A tiny room inside Peninsula High School in Gig Harbor houses many a senior girls’ big dream. An ordinary school staff office has been transformed into a prom boutique for high school students.

There are more than 170 dresses for students to choose from. Everyone is welcome, but any student in need or whose family is low income gets first dibs. That’s almost 40 people so far this year, according to Wendy Wojjtanowicz, site coordinator.

Communities in Schools of Peninsula, a nonprofit group which provides resources to students and families of students in danger of dropping out, created the prom boutique. The number of donations has doubled since its inception last year.

For students, prom dresses, shoes, handbags, jewelry, and suits are all free.

“This is giving them the opportunity to have a beautiful dress but also to attend those rites of passages,” Wojjtanowicz said.

High school senior Anna Marshall says she has friends on opposite ends of the economic spectrum.

“There are a lot of girls who can't afford to buy any dresses and don't have any help from their parents, and then there are girls who buy $600 dresses. And that is like so crazy to me,” Marshall said.

Senior Anna Marshall looks through prom dresses at Peninsula High School's dress boutique.

She says the average dress runs about $200, which is still out of reach for her without help from her parents.

“You feel like, ‘Hey I can't afford this, everybody else seems to. Everybody else buys these $600 dresses. Why can't I do that?’ But when you're surrounded by other girls who are supportive and do the same things as you, it's really encouraging,” Marshall said.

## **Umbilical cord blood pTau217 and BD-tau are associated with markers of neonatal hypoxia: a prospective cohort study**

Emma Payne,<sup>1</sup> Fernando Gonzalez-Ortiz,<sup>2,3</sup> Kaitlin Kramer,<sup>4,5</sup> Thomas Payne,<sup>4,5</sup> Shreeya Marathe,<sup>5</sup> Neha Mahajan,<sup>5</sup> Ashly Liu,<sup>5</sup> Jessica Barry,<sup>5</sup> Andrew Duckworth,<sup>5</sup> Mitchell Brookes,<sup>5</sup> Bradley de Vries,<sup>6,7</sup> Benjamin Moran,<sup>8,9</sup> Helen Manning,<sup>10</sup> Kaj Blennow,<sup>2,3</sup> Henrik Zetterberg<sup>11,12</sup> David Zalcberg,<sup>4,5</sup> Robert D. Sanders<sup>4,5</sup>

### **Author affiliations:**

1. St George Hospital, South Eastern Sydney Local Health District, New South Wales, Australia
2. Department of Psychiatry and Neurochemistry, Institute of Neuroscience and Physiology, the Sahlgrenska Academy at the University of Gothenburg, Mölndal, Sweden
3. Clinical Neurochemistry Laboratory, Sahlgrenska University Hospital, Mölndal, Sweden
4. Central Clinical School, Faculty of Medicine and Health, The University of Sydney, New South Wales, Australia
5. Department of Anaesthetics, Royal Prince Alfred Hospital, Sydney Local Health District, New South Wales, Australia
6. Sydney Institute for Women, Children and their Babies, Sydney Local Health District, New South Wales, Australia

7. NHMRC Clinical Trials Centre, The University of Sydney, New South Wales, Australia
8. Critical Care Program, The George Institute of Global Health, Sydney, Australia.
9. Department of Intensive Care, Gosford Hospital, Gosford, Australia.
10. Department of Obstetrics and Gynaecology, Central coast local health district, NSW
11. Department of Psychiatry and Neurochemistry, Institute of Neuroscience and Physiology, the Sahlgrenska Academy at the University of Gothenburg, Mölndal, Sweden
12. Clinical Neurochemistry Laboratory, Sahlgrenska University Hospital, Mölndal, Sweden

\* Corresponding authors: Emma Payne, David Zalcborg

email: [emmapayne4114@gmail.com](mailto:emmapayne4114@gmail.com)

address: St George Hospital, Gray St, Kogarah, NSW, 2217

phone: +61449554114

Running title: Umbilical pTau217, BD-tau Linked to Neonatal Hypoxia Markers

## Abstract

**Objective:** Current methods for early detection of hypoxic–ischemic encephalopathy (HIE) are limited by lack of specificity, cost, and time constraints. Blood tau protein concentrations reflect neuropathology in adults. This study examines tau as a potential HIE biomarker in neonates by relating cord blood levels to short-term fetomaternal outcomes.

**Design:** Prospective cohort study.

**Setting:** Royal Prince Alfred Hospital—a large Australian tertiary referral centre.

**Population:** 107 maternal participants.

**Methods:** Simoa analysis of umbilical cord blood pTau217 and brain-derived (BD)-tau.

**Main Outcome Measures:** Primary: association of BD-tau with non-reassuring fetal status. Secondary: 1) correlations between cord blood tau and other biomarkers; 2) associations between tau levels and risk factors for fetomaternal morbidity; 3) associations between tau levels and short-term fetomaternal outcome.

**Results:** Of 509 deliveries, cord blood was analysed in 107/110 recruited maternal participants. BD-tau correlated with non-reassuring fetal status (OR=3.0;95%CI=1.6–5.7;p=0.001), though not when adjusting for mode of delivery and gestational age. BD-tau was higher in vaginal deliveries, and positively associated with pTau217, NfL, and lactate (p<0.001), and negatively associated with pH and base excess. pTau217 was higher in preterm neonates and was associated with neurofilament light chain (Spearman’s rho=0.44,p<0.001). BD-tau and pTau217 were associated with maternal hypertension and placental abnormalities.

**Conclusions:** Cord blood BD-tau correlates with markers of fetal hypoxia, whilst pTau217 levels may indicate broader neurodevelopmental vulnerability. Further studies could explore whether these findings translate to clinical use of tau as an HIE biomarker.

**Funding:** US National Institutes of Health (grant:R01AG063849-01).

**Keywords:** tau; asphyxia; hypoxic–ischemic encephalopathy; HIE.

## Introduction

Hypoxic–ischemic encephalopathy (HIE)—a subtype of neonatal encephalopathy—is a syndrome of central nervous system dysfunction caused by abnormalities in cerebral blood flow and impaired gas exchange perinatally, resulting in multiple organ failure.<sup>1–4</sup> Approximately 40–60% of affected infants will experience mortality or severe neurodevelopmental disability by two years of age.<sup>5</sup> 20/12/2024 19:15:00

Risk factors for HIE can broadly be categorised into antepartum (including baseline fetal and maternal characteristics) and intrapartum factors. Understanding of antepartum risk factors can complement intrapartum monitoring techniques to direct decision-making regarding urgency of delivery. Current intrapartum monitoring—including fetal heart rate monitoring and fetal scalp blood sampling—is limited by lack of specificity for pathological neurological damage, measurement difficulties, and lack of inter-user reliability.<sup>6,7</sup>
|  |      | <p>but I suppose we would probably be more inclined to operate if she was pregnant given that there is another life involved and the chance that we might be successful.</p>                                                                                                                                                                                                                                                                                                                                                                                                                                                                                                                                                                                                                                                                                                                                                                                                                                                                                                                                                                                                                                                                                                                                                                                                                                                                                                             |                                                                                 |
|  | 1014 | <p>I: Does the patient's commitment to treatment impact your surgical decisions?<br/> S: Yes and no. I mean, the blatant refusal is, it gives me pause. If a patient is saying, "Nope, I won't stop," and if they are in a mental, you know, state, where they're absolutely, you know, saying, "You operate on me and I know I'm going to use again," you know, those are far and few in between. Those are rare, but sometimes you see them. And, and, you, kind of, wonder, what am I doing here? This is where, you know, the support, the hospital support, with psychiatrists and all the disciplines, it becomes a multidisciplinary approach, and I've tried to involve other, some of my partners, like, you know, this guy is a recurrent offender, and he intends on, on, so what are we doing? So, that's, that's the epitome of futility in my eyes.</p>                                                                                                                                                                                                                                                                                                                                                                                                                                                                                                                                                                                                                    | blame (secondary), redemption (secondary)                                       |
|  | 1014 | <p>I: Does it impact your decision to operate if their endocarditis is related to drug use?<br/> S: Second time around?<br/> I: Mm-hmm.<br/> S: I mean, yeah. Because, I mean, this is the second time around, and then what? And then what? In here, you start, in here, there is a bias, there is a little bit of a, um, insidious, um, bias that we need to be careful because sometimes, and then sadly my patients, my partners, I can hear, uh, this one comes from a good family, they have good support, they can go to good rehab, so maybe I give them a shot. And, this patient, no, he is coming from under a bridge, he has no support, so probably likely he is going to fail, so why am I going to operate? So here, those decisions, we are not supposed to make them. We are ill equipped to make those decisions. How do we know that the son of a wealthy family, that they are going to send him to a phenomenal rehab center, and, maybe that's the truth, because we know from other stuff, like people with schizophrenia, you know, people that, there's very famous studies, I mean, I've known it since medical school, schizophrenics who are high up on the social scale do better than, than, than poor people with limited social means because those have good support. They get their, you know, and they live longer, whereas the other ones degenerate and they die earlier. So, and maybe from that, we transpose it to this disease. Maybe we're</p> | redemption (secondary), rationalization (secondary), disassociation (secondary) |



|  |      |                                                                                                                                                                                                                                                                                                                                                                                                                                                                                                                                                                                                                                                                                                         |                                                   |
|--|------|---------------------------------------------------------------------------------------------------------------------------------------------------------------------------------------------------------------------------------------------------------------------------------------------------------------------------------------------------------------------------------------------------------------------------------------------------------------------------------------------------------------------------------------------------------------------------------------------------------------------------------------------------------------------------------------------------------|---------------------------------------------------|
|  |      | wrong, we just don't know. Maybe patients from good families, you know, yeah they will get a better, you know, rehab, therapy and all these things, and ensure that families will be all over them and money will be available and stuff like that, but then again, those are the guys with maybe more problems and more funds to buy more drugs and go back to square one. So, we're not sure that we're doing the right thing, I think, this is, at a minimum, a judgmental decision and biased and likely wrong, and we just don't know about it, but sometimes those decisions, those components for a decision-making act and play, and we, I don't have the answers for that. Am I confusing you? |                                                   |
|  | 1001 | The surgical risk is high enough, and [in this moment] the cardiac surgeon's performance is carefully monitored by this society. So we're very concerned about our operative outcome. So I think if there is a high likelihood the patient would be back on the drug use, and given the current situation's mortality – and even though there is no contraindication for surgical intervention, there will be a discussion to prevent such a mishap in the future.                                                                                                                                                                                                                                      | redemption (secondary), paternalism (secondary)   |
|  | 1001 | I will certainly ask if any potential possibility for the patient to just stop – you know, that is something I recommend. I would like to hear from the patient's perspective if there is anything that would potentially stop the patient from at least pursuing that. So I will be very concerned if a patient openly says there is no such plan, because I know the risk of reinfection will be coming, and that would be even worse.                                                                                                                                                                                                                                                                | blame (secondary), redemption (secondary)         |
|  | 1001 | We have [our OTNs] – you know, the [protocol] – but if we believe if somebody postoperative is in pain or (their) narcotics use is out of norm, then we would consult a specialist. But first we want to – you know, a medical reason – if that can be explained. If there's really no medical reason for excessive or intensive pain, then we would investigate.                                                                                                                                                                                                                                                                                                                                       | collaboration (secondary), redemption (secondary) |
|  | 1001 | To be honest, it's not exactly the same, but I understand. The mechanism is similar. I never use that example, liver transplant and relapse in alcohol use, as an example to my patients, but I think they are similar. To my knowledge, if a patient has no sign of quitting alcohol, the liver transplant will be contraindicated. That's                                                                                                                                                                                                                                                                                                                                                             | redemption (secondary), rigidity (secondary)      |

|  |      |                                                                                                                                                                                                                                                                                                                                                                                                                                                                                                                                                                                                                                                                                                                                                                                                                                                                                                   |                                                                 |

The senior girls even have a Facebook group to make sure no one shows up in the same dress.

“No! No one else is wearing the same dress as me. That’s a big no-no,” the girls shopping said with a laugh.

Some girls and guys walked away with the right dress or suit on Tuesday. However, many of the donated dresses are smaller sizes.

“When they come in, a lot of times they're disappointed, because they didn't find the dress, but I'm like, ‘Come back, come back next week, because we might have your size next week. We never know what's coming through the door,’” Wojjtanowicz said.

Many times, she says the right dress does come through the door.

“You could see them look in the mirror and their smiles were just amazing,” Wojjtanowicz said. “You could see the dreams of what that night was going to be like.”

The prom boutique is open until May 31. To donate or for more information visit Communities in Schools of Peninsula.